Wild swimming spots in Sussex and beyond
Fancy a dip? Now the weather is warming up it's way it's time to don your wetsuit and try nature's swimming pools. We've picked some of the loveliest spots in Sussex. Flowery swim caps on let's dive in!
Wild swimming has exploded in popularity of late – just one glance at Instagram will show you more tranquil riverside or breathtaking lake dips than you can shake a tow float at. Those who have tried it know it’s an experience unlike any other. The peace and tranquility, the connection with nature, the slimy mud underneath your feet – OK, but there’s ways around that.
Here in Sussex we have the coast, an obvious start for any would-be wild swimmer, but you can also experience the joys of a river dip across the county, and rivers tend to be far less crowded than a heaving beach.
Barcombe Mills, River Ouse
The worst-kept wild swimming secret in Sussex, and with good reason. This 5km stretch is deep, clear and has no current. Banks are steep, so approach with care. Nearby Pells Pool is also worth a visit although it has a limited open season, so keep an eye on their site.
Cuckmere Meanders, Seaford
Warm (well, in summer, anyway), shallow and wide, the perfect spot for beginners or the less confident. Locals divulge that there are weeds aplenty, so be warned! You can also combine this with a walk to the sea at Cuckmere Haven for a saltwater dip too, or enjoy the nearby Cuckmere Valley.
Sandy Bay, Midhurst
A relatively shallow part of the River Rother, with easy sloping banks and a gentle current. Get to it 200m from Cowdray Castle. Popular with families.
Greatham Bridge, River Arun
Steep banks lead to a deep part of the Arun, the second-fastest river in England. The river is tidal and can have strong currents so take care. If you want to explore this part of the Arun without getting your feet wet, hire a kayak or canoe from Fluid Adventures in Pulborough and row, row, row to your heart’s content.
Houghton Bridge, Amberley
Another access point for the Arun. If swimming feels too bold, hire boats from Amberley and take a river trip.
Waller’s Haven, Hailsham
Deep, slow-flowing and remote, this one is for confident swimmers only but a truly wild experience.
Divers Cove, Godstone
Ok, so this isn’t Sussex, but it’s only 20 minutes from East Grinstead on the Eastbourne Rd and well worth the trip! A beautiful 7.3 acre reservoir formerly used for sand extraction it’s natural biodiversity and sandy bottom mean the water quality is exceptional and glows a beautiful turquoise green in the summer or winter sun. Members only, open from April – October.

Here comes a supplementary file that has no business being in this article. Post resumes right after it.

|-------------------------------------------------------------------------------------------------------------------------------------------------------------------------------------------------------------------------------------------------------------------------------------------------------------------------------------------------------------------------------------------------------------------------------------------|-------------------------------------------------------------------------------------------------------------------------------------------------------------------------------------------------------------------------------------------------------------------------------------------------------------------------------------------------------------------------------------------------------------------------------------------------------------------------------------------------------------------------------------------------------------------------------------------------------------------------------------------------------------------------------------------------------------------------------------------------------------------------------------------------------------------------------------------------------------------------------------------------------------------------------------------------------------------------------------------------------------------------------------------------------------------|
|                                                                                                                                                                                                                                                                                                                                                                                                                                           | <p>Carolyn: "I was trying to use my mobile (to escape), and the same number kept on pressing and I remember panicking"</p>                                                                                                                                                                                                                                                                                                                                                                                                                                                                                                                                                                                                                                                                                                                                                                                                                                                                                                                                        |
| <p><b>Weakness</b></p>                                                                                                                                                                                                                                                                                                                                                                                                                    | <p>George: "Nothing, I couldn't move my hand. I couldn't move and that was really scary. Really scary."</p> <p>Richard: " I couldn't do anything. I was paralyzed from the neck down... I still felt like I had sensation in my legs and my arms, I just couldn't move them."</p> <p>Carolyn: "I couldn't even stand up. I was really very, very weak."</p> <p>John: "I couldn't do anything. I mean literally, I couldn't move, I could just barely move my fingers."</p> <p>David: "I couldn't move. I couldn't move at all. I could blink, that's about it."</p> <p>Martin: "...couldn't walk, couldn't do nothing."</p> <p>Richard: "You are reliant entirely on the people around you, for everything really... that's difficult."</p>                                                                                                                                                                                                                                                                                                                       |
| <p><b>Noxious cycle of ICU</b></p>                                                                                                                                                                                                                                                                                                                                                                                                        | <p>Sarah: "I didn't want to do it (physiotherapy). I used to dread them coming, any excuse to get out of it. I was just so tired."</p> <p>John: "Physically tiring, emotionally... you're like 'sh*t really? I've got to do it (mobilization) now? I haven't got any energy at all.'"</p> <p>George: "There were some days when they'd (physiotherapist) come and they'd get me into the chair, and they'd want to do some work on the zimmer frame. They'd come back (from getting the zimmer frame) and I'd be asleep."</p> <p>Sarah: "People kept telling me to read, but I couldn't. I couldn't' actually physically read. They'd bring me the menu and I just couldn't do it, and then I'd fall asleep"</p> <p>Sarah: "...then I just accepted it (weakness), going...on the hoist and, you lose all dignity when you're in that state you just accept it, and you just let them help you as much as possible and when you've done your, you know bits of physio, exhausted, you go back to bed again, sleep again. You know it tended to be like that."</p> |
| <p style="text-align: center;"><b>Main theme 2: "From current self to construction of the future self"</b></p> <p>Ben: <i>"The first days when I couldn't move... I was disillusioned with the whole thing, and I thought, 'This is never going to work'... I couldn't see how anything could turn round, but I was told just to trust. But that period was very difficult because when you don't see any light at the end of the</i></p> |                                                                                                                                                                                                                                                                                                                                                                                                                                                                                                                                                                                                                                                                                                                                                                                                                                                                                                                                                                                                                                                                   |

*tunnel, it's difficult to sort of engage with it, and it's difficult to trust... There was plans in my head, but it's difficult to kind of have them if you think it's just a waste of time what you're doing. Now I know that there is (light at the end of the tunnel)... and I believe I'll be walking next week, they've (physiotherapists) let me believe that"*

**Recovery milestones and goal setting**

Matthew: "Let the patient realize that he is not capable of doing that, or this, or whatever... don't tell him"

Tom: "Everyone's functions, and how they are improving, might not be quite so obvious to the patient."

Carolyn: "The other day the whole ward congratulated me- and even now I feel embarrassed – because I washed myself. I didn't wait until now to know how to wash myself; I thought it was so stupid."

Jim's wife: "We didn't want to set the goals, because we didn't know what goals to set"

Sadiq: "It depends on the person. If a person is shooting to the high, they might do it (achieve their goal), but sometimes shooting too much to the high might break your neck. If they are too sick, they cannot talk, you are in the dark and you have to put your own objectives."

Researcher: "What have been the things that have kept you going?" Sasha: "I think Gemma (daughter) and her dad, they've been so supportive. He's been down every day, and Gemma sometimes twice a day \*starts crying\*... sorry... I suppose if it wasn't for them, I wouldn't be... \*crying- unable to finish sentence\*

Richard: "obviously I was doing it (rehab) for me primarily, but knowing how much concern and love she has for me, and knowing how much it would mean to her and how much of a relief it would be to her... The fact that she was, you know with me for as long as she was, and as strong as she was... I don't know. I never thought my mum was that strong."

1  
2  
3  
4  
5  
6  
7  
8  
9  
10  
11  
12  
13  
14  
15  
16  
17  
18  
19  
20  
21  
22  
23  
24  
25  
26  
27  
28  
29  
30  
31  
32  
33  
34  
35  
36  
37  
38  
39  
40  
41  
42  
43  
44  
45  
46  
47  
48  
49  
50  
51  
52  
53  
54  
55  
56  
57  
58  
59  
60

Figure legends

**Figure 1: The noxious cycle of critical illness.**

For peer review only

How to get started
New to all this wild swimming stuff? Fear not! We’ve rounded up wild swimming expert Debbie Burton, who counts feats such as the Henley Swim Thames Marathon among her watery conquests, to talk you through the basics.
How do I build confidence in open water?
Take it slowly! Ideally visit the water you want to swim in first with others that are going in, and don’t get in if you don’t fancy it, just watch and learn the water. Go slowly if you do get in, and make sure you know where you can get out. Oh, and never jump into water if you don’t know what’s underneath – everybody remembers that from school, don’t they?
What about all the grim slimy stuff on the bottom?
It does feel weird – so wear swim socks. You don’t need full-on neoprene ones, you can get cute stretch footsies from Amazon for about three quid. Not actually feeling the slime underfoot helps a lot.
What other kit do I need?
Nothing special, just a costume will do – or not even that, depending on where you’re going to swim. As the air temperature gets cooler though, have warm layers for when you get out.
Other kit you might want to consider are goggles, neoprene gloves and socks to keep your extremities warm, and a wetsuit. There’s no medal for being able to tolerate the cold, and if you want to swim any sort of distance, you’ll need one. Ear plugs, because cold water on the eardrums can affect your balance. A brightly coloured swim hat will help you be seen, and stave off ice-cream head if it gets cold. The ones with bubbles all over, like your nan used to wear, are the best and fabulously retro. Tow floats help with visibility and some come with waterproof pockets, good for phones, snacks and inhalers.
How can I acclimatise to cold water?
The best way is to start in summer, and just keep going as it gets colder. Everybody has their own method for getting in, there’s no medal for doing it quickly and if you dread it you won’t do it. My way is to go in slowly up to the waist, then quick with the shoulders.